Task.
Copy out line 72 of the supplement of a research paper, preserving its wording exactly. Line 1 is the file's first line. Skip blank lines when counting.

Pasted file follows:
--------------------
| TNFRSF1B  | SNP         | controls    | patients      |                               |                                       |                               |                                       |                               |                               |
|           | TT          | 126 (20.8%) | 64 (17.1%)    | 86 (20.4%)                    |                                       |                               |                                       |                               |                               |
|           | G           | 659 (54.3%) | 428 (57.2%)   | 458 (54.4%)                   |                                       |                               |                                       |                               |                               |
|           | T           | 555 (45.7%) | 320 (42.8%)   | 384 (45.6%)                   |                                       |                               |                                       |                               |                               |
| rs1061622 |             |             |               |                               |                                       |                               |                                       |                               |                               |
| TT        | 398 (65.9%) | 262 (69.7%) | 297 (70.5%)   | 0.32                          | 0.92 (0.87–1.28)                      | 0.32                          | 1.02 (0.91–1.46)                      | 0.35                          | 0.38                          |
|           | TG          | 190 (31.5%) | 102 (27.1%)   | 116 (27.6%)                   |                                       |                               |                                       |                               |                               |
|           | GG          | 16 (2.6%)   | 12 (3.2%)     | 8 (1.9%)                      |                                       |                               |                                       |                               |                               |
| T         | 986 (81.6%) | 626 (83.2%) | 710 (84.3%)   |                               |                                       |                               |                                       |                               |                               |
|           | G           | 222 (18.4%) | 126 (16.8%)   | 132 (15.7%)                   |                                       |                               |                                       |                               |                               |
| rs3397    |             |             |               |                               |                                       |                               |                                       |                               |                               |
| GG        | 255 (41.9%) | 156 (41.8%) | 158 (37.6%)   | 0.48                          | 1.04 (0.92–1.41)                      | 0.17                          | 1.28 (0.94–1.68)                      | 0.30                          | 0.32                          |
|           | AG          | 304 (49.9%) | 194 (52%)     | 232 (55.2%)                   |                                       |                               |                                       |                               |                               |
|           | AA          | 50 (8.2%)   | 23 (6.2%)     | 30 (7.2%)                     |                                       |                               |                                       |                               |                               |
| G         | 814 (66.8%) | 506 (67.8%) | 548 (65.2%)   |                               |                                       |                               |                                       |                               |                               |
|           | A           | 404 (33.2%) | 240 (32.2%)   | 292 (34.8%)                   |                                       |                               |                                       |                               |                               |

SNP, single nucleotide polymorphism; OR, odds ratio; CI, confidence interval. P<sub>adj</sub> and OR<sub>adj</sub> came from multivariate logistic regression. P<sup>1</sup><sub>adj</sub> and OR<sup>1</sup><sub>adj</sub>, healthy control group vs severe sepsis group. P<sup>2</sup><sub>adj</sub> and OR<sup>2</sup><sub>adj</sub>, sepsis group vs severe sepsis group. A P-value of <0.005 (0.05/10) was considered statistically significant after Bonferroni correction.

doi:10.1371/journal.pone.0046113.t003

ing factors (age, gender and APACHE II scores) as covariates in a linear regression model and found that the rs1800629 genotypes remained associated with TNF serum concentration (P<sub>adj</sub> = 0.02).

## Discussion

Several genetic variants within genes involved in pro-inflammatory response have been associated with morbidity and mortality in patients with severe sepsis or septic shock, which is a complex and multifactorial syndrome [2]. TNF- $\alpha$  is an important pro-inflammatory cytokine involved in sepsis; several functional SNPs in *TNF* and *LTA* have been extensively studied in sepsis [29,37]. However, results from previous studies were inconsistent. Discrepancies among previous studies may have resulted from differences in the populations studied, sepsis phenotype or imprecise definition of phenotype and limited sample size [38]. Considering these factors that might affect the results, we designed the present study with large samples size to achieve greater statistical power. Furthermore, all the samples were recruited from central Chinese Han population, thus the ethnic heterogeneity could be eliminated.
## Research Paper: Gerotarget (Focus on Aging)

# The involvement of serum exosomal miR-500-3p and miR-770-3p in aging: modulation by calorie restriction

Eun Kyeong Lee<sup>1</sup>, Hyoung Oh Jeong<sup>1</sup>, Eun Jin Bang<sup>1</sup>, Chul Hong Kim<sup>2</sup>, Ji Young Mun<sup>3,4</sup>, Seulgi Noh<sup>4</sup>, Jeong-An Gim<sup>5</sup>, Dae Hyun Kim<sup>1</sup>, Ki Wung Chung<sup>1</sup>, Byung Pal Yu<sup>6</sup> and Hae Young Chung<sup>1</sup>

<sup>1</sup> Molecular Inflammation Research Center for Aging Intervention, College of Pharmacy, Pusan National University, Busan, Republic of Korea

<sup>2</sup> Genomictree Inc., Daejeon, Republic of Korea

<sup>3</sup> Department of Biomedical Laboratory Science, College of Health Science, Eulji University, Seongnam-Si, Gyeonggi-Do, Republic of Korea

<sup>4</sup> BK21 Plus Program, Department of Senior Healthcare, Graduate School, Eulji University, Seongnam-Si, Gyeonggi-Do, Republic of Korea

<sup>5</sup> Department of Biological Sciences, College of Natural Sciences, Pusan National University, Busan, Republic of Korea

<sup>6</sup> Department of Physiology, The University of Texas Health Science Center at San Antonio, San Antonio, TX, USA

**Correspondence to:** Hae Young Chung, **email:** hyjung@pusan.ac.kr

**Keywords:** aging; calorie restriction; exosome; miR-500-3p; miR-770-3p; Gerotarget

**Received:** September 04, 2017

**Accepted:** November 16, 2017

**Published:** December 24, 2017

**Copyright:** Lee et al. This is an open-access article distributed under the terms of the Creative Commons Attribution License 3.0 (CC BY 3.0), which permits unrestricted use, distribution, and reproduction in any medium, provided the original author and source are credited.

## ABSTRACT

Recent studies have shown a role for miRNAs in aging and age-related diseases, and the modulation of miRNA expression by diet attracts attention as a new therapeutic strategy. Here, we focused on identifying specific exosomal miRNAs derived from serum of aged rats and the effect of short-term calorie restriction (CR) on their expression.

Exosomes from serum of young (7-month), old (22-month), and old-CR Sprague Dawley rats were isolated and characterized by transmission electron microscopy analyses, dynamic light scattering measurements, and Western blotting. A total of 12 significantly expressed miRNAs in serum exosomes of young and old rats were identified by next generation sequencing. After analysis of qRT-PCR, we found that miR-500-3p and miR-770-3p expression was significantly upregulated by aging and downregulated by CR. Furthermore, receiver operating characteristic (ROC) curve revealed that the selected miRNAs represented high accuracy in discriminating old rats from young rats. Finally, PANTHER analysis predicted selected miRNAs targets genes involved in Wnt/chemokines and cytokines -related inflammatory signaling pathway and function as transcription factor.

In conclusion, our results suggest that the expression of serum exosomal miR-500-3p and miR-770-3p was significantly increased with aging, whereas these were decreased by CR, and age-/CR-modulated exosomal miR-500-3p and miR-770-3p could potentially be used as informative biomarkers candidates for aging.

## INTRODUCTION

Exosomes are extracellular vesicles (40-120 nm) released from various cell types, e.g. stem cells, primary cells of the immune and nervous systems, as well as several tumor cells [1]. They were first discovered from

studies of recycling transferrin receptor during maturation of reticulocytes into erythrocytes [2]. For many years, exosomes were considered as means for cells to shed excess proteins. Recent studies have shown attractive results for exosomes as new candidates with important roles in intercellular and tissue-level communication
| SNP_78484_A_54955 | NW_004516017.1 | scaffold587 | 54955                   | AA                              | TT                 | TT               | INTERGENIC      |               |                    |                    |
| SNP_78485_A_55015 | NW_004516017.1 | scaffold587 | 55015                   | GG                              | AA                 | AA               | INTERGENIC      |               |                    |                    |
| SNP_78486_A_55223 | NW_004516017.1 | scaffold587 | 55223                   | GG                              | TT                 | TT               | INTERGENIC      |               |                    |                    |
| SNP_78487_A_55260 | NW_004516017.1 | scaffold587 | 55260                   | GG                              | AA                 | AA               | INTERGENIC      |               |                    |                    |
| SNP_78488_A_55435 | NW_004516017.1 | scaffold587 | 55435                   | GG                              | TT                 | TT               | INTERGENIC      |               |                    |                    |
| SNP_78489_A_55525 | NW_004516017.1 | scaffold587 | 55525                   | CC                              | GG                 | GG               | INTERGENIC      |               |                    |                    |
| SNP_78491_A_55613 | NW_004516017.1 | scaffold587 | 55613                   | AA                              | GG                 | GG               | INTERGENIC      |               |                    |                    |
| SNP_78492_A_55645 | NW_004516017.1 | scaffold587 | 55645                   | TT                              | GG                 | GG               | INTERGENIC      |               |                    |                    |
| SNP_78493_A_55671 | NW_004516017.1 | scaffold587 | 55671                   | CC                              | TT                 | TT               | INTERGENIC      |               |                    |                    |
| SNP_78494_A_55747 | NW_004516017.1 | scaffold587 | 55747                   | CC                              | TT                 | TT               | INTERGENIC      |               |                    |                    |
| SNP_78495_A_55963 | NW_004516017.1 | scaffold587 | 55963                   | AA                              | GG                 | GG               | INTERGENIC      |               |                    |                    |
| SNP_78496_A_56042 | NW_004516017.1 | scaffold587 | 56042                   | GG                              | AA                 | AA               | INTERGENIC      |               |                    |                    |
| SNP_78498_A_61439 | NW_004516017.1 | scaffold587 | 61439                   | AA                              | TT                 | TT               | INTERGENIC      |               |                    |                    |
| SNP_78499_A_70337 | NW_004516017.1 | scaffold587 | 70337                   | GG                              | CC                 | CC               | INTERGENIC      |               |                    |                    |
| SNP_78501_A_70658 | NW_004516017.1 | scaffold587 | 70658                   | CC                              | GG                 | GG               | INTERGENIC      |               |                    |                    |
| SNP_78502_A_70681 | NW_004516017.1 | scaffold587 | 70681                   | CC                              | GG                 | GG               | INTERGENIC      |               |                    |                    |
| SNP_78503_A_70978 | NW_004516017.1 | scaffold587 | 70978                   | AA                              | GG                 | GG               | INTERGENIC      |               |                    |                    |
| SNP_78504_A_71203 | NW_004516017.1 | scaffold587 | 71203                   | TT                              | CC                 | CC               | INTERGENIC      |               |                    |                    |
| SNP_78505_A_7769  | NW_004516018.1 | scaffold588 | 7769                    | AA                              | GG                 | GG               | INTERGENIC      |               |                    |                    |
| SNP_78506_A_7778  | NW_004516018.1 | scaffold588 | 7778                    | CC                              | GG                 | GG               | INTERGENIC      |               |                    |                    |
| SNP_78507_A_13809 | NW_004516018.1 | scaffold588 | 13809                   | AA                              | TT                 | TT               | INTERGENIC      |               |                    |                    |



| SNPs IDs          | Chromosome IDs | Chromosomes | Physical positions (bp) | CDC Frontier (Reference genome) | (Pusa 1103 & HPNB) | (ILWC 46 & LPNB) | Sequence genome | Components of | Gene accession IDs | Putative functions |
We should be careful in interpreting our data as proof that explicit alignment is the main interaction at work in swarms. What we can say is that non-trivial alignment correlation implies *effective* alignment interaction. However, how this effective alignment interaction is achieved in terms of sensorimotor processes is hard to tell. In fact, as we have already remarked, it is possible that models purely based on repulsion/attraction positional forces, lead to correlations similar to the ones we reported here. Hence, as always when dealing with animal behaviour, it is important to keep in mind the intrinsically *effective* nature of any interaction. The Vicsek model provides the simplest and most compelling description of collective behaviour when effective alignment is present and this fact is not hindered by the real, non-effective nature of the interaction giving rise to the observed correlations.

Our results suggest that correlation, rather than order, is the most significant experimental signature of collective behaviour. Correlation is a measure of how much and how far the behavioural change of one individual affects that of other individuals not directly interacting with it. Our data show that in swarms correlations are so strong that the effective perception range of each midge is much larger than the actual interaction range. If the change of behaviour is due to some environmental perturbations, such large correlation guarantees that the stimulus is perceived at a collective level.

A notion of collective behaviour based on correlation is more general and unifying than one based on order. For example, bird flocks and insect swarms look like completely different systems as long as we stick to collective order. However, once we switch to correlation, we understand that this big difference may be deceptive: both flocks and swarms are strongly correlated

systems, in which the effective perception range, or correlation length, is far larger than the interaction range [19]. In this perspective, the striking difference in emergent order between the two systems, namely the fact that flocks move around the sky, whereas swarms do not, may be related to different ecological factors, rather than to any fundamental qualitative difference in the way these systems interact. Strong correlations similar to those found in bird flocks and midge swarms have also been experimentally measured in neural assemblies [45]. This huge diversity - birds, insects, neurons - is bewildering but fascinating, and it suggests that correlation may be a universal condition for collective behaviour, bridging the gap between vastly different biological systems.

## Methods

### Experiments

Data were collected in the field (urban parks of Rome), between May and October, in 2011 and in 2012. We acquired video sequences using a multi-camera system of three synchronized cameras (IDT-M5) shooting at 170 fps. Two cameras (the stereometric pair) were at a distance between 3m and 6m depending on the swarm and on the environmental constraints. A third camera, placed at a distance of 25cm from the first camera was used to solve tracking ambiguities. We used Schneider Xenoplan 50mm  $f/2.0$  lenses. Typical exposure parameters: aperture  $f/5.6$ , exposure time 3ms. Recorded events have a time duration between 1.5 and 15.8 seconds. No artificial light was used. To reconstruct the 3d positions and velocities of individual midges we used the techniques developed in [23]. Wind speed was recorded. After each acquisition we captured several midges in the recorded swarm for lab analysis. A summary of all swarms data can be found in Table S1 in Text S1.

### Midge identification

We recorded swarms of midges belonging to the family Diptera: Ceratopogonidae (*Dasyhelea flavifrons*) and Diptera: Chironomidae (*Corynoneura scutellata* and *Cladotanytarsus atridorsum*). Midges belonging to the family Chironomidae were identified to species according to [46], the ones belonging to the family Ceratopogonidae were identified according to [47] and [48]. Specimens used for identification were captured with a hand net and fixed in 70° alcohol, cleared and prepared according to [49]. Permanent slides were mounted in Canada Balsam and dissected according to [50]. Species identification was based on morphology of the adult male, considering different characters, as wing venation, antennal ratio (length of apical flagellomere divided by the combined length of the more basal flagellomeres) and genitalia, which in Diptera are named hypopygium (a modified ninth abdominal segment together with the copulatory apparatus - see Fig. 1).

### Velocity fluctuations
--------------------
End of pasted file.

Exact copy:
Data were collected in the field (urban parks of Rome), between May and October, in 2011 and in 2012. We acquired video sequences using a multi-camera system of three synchronized cameras (IDT-M5) shooting at 170 fps. Two cameras (the stereometric pair) were at a distance between 3m and 6m depending on the swarm and on the environmental constraints. A third camera, placed at a distance of 25cm from the first camera was used to solve tracking ambiguities. We used Schneider Xenoplan 50mm  $f/2.0$  lenses. Typical exposure parameters: aperture  $f/5.6$ , exposure time 3ms. Recorded events have a time duration between 1.5 and 15.8 seconds. No artificial light was used. To reconstruct the 3d positions and velocities of individual midges we used the techniques developed in [23]. Wind speed was recorded. After each acquisition we captured several midges in the recorded swarm for lab analysis. A summary of all swarms data can be found in Table S1 in Text S1.